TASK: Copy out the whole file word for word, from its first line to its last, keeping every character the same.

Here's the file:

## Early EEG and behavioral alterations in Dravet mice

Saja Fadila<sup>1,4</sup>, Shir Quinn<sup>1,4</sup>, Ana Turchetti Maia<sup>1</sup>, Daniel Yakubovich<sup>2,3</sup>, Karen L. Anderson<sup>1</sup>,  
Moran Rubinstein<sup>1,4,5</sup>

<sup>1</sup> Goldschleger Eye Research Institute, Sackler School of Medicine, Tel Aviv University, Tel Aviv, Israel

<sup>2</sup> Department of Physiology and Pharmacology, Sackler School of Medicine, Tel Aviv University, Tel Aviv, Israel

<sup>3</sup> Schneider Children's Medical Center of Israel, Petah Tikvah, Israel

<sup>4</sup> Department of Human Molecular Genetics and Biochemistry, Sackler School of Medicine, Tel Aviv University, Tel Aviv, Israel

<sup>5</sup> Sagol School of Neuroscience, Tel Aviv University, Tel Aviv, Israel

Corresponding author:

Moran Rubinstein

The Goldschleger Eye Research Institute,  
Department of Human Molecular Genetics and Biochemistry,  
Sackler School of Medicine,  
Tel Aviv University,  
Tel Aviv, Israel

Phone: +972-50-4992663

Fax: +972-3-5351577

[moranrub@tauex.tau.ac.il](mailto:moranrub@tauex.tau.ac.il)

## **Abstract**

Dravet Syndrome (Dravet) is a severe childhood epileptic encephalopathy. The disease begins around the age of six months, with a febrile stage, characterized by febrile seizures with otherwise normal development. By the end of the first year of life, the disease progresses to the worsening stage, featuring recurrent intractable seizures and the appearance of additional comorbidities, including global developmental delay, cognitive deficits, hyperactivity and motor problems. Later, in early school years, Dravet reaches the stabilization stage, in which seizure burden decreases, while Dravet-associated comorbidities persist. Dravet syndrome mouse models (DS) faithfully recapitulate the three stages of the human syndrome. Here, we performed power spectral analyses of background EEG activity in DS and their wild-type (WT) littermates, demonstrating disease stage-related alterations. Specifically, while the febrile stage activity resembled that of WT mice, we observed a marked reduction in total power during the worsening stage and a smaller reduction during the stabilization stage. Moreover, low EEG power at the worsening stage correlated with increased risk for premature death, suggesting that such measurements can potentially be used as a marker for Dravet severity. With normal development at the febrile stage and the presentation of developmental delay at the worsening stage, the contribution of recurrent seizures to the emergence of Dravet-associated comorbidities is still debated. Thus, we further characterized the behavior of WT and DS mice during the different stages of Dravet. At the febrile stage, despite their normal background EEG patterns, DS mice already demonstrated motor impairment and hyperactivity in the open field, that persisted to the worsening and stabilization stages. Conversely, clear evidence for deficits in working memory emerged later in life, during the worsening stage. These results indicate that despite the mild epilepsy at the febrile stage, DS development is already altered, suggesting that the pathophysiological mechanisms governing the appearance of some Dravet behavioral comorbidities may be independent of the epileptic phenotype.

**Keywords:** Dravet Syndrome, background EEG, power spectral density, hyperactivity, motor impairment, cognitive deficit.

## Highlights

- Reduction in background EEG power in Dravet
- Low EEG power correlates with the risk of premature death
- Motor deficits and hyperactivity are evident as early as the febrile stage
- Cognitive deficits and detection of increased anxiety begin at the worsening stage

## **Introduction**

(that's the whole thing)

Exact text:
## Early EEG and behavioral alterations in Dravet mice

Saja Fadila<sup>1,4</sup>, Shir Quinn<sup>1,4</sup>, Ana Turchetti Maia<sup>1</sup>, Daniel Yakubovich<sup>2,3</sup>, Karen L. Anderson<sup>1</sup>,  
Moran Rubinstein<sup>1,4,5</sup>

<sup>1</sup> Goldschleger Eye Research Institute, Sackler School of Medicine, Tel Aviv University, Tel Aviv, Israel

<sup>2</sup> Department of Physiology and Pharmacology, Sackler School of Medicine, Tel Aviv University, Tel Aviv, Israel

<sup>3</sup> Schneider Children's Medical Center of Israel, Petah Tikvah, Israel

<sup>4</sup> Department of Human Molecular Genetics and Biochemistry, Sackler School of Medicine, Tel Aviv University, Tel Aviv, Israel

<sup>5</sup> Sagol School of Neuroscience, Tel Aviv University, Tel Aviv, Israel

Corresponding author:

Moran Rubinstein

The Goldschleger Eye Research Institute,  
Department of Human Molecular Genetics and Biochemistry,  
Sackler School of Medicine,  
Tel Aviv University,  
Tel Aviv, Israel

Phone: +972-50-4992663

Fax: +972-3-5351577

[moranrub@tauex.tau.ac.il](mailto:moranrub@tauex.tau.ac.il)

## **Abstract**

Dravet Syndrome (Dravet) is a severe childhood epileptic encephalopathy. The disease begins around the age of six months, with a febrile stage, characterized by febrile seizures with otherwise normal development. By the end of the first year of life, the disease progresses to the worsening stage, featuring recurrent intractable seizures and the appearance of additional comorbidities, including global developmental delay, cognitive deficits, hyperactivity and motor problems. Later, in early school years, Dravet reaches the stabilization stage, in which seizure burden decreases, while Dravet-associated comorbidities persist. Dravet syndrome mouse models (DS) faithfully recapitulate the three stages of the human syndrome. Here, we performed power spectral analyses of background EEG activity in DS and their wild-type (WT) littermates, demonstrating disease stage-related alterations. Specifically, while the febrile stage activity resembled that of WT mice, we observed a marked reduction in total power during the worsening stage and a smaller reduction during the stabilization stage. Moreover, low EEG power at the worsening stage correlated with increased risk for premature death, suggesting that such measurements can potentially be used as a marker for Dravet severity. With normal development at the febrile stage and the presentation of developmental delay at the worsening stage, the contribution of recurrent seizures to the emergence of Dravet-associated comorbidities is still debated. Thus, we further characterized the behavior of WT and DS mice during the different stages of Dravet. At the febrile stage, despite their normal background EEG patterns, DS mice already demonstrated motor impairment and hyperactivity in the open field, that persisted to the worsening and stabilization stages. Conversely, clear evidence for deficits in working memory emerged later in life, during the worsening stage. These results indicate that despite the mild epilepsy at the febrile stage, DS development is already altered, suggesting that the pathophysiological mechanisms governing the appearance of some Dravet behavioral comorbidities may be independent of the epileptic phenotype.

**Keywords:** Dravet Syndrome, background EEG, power spectral density, hyperactivity, motor impairment, cognitive deficit.

## Highlights

- Reduction in background EEG power in Dravet
- Low EEG power correlates with the risk of premature death
- Motor deficits and hyperactivity are evident as early as the febrile stage
- Cognitive deficits and detection of increased anxiety begin at the worsening stage

## **Introduction**